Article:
Recombinant DNA (rDNA) technology has enabled the new generation of bioproducts, including antibodies, growth factors, fusion proteins, vaccines, and growth factors, conceivable. It has made it possible for them to be produced using host cells and for alterations, such as additions or deletions, to be made.
The well-known human insulin generated in E. coli was one of the first products of recombinant DNA. The chemical was not precisely the same as human insulin because it had previously been isolated from the swine pancreas.
These days, it is possible to create bioproducts using both eukaryotic and prokaryotic cells. With the latter in mind, there are many different systems, including yeasts, insects, plant, and mammalian cells.
It is important to note that prokaryotic and eukaryotic vectors yield distinct final products since some macromolecules are too big or complicated for bacteria or even yeasts to synthesise.
For these biomolecules to create proteins of greater quality and effectiveness—or with characteristics resembling those of humans—post-translational modifications are necessary. These alterations, which can only take place in mammalian cells, are crucial in modifying how proteins function. They comprise procedures like glycosylation, phosphorylation, the creation of disulfide bonds, and carboxylation.
It has been discovered that in some recombinant proteins, the bioactivity may depend on proper glycosylation. It is due to this ability that mammalian cells have become the main system to produce recombinant therapeutic proteins.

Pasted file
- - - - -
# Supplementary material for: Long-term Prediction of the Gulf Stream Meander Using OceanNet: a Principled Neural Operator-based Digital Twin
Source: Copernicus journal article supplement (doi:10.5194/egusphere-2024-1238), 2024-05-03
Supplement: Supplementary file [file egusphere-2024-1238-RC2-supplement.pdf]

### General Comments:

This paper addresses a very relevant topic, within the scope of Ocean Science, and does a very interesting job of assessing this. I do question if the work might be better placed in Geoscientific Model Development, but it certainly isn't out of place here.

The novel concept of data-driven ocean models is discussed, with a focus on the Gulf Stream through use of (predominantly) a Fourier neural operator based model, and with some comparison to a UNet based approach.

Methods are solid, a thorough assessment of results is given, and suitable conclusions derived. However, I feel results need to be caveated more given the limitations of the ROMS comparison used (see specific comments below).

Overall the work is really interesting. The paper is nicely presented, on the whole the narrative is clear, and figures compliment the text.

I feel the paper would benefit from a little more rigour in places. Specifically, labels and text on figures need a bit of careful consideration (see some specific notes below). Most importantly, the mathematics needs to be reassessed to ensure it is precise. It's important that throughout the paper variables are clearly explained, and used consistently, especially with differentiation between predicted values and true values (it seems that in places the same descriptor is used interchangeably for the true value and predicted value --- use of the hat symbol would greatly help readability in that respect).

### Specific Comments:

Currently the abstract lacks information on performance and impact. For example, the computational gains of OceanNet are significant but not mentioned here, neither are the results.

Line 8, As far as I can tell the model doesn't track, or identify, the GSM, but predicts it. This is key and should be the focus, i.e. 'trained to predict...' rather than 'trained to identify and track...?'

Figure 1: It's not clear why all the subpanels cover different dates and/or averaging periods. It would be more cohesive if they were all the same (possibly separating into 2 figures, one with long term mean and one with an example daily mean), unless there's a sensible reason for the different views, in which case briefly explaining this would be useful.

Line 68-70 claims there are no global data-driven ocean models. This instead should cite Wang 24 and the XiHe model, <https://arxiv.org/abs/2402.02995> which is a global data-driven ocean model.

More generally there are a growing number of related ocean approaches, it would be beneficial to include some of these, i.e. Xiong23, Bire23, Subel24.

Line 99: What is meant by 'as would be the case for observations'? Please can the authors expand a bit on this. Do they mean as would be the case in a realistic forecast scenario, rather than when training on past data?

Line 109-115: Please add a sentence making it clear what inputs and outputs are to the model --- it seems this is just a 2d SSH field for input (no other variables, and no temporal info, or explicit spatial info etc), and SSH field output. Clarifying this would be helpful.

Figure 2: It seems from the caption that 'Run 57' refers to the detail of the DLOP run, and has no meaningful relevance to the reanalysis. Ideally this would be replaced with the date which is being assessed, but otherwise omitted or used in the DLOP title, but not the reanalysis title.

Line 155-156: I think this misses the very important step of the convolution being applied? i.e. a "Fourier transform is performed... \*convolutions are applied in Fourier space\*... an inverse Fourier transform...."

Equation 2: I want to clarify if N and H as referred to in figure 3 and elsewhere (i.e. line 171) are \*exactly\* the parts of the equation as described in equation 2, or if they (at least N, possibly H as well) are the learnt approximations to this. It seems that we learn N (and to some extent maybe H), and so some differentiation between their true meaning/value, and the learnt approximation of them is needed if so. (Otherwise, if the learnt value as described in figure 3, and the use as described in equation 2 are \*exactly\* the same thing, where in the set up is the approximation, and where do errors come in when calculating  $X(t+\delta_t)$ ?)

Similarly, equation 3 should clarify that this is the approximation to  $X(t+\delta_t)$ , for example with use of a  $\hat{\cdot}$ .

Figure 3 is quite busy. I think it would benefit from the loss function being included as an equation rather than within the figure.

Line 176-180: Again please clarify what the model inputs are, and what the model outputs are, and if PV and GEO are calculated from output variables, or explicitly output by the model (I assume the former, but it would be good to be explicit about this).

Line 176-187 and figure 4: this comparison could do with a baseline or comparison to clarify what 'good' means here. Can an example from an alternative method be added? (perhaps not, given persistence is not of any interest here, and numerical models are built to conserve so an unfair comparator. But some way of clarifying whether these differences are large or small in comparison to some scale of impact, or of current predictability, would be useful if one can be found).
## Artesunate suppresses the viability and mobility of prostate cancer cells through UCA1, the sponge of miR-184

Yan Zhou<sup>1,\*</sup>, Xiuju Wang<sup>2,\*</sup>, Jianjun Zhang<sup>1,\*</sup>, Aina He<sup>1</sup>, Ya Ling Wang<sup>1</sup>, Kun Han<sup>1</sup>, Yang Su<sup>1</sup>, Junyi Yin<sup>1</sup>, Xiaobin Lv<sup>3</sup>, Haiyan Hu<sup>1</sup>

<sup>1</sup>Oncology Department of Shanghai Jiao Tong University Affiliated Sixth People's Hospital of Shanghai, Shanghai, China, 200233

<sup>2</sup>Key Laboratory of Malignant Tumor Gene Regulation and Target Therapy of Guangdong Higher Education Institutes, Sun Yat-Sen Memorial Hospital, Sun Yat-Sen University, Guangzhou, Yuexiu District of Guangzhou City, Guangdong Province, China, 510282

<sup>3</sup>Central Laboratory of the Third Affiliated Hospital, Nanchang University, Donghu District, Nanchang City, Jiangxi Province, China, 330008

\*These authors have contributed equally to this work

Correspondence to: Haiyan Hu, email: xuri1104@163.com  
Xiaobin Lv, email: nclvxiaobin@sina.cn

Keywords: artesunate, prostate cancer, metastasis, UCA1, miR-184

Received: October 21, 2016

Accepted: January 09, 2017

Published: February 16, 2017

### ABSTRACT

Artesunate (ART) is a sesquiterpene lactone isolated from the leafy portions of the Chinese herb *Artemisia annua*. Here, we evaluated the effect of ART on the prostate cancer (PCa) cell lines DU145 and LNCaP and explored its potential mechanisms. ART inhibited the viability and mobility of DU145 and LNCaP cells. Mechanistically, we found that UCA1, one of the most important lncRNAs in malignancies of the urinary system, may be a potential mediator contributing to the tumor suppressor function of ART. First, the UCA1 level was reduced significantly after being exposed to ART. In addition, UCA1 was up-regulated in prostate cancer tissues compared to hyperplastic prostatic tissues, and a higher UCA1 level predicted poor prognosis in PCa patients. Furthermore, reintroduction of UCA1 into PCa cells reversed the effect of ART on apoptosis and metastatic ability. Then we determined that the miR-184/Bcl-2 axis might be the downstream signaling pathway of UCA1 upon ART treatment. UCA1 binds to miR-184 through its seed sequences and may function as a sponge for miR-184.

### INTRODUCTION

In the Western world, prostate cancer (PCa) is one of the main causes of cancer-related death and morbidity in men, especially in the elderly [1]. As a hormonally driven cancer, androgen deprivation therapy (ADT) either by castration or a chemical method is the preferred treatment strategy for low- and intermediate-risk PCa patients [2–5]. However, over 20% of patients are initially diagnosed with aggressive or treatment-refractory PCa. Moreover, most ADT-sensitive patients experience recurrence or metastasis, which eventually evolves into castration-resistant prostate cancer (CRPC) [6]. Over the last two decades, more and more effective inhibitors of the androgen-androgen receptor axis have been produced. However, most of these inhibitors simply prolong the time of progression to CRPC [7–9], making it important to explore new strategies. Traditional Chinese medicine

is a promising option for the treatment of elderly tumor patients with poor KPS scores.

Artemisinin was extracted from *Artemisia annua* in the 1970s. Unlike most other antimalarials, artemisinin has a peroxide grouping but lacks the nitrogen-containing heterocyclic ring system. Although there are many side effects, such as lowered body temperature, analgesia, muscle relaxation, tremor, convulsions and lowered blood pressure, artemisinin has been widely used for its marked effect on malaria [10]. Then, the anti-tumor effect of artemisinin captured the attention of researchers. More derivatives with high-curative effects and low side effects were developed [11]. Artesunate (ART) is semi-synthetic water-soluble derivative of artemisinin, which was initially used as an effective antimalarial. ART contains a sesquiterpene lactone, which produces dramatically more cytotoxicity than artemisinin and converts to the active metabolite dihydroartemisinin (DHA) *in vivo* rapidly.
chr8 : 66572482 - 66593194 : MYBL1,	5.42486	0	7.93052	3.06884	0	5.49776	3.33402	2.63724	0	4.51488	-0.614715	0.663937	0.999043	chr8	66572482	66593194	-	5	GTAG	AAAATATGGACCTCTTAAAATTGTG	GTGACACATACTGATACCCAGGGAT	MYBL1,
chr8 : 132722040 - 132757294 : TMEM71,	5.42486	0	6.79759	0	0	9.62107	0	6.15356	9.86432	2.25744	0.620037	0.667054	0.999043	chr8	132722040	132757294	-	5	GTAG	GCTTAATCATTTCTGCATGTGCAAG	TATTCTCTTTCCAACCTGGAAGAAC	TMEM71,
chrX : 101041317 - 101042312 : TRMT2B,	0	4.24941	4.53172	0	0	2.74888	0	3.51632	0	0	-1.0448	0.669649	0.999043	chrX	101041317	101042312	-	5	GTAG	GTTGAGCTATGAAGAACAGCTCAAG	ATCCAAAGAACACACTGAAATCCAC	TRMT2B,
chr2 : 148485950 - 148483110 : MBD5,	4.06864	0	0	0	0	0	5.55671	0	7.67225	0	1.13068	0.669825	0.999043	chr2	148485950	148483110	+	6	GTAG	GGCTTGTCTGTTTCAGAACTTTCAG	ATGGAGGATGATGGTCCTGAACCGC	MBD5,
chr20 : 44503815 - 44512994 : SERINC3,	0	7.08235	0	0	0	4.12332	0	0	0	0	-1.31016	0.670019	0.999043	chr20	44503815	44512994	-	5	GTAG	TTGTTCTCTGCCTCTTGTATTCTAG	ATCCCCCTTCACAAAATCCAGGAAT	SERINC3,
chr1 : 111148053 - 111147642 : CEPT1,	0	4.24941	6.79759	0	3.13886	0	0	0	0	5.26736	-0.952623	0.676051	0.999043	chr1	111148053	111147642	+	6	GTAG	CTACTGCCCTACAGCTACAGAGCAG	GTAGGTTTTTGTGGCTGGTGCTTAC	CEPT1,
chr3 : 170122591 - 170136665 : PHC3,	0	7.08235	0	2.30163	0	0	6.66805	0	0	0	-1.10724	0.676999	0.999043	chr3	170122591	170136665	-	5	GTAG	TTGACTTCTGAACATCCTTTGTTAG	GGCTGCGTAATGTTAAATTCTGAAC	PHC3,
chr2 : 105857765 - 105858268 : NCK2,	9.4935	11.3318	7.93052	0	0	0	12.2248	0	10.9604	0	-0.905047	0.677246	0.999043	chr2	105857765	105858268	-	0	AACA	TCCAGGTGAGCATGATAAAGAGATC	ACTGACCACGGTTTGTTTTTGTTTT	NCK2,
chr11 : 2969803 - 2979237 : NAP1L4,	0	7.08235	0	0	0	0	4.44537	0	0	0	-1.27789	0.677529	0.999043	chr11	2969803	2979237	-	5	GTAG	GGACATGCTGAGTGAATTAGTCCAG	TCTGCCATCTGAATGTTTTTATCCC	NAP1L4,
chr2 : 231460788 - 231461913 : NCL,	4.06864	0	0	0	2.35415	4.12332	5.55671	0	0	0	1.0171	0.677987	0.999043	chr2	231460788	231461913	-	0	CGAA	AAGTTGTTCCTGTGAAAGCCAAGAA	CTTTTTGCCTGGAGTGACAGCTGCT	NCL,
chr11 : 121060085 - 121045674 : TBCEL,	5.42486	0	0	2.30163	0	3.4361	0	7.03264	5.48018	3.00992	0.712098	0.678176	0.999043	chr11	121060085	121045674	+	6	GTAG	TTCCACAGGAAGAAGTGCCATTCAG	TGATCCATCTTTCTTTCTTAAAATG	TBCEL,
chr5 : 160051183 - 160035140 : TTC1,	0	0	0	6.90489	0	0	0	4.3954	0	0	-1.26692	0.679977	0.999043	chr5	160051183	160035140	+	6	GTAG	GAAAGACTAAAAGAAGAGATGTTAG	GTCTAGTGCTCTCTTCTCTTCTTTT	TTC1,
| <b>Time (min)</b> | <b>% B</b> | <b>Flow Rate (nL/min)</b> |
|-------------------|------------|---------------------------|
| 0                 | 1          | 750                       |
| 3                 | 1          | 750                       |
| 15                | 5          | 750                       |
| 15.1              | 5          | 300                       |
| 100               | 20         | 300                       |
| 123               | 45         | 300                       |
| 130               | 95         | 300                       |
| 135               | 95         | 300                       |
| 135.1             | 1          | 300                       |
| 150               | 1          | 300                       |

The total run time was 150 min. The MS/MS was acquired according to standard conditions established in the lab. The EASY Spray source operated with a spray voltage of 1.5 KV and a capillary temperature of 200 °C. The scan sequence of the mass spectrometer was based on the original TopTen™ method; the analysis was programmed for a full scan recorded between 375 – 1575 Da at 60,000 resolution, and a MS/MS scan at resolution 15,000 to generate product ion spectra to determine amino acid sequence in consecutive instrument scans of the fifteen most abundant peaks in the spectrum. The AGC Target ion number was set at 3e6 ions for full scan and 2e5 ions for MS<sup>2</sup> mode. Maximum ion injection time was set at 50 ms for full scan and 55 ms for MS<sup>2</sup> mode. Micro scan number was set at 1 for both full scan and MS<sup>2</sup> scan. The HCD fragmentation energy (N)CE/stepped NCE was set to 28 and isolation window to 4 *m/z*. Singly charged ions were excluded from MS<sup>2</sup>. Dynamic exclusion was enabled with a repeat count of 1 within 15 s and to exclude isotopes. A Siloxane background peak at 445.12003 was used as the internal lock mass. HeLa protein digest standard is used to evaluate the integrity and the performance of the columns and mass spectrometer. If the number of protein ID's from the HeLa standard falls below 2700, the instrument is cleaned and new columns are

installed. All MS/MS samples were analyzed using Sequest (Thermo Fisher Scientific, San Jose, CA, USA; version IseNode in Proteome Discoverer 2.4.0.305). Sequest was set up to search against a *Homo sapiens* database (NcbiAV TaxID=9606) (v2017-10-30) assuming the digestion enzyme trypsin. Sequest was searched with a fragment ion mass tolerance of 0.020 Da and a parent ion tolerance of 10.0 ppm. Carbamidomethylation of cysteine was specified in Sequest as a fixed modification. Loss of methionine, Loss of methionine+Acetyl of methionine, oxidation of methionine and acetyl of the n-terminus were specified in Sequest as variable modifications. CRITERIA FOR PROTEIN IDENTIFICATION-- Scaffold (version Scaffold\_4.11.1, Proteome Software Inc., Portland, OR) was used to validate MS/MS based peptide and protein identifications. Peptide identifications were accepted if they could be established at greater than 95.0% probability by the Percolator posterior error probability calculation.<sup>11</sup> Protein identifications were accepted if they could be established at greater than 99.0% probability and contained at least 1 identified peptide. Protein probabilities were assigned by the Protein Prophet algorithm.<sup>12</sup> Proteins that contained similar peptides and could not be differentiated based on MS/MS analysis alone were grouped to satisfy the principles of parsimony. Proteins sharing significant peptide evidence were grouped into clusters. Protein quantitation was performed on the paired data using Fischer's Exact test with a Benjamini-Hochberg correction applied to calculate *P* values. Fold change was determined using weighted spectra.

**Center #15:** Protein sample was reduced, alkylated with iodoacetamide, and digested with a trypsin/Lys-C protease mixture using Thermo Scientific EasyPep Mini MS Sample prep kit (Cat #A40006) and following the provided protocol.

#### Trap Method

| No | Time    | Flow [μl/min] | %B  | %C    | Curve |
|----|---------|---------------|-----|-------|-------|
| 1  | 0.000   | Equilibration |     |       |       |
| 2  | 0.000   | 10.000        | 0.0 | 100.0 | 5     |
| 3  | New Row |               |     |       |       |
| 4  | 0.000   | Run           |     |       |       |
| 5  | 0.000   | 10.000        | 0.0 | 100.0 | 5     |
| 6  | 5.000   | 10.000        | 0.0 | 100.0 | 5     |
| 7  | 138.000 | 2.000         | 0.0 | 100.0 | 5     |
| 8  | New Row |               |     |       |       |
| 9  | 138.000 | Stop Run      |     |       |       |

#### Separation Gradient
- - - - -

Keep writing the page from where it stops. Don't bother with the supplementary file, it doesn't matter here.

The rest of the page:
The bioactivity of some recombinant proteins may depend on appropriate glycosylation, it has been shown. Mammalian cells have evolved into the primary system for the creation of recombinant therapeutic proteins because of this capability.
However, today all therapeutic proteins are produced using recombinant DNA technology by cloning the protein gene in cell lines derived from mammalian cells, especially CHO cells. Previously, mammalian cells were used exclusively for research and development (R&D) and in the production of viruses for the manufacture of vaccines.
Since the capacity to carry out these post-translational changes differs according on the species, the origin of the tissue and the cell clone, low performance and unstable expression in these cell cultures have been a substantial barrier. It has also been established those environmental elements like the growth media, the bioreactor, or the condition of the cells now of synthesis might affect glycosylation variations.
Condalow®, a new generation of peptones created by Condalab, doubles growth density and has improved cell culture performance due to its distinct production technique that preserves growth factors and other vital biomolecules.
Additionally, to prevent differences brought on by this source in the procedures, these peptones have the highest batch-to-batch consistency and the lowest endotoxin levels on the market.
If you are interested in Condalow®, please contact our sales team.
To Find Out More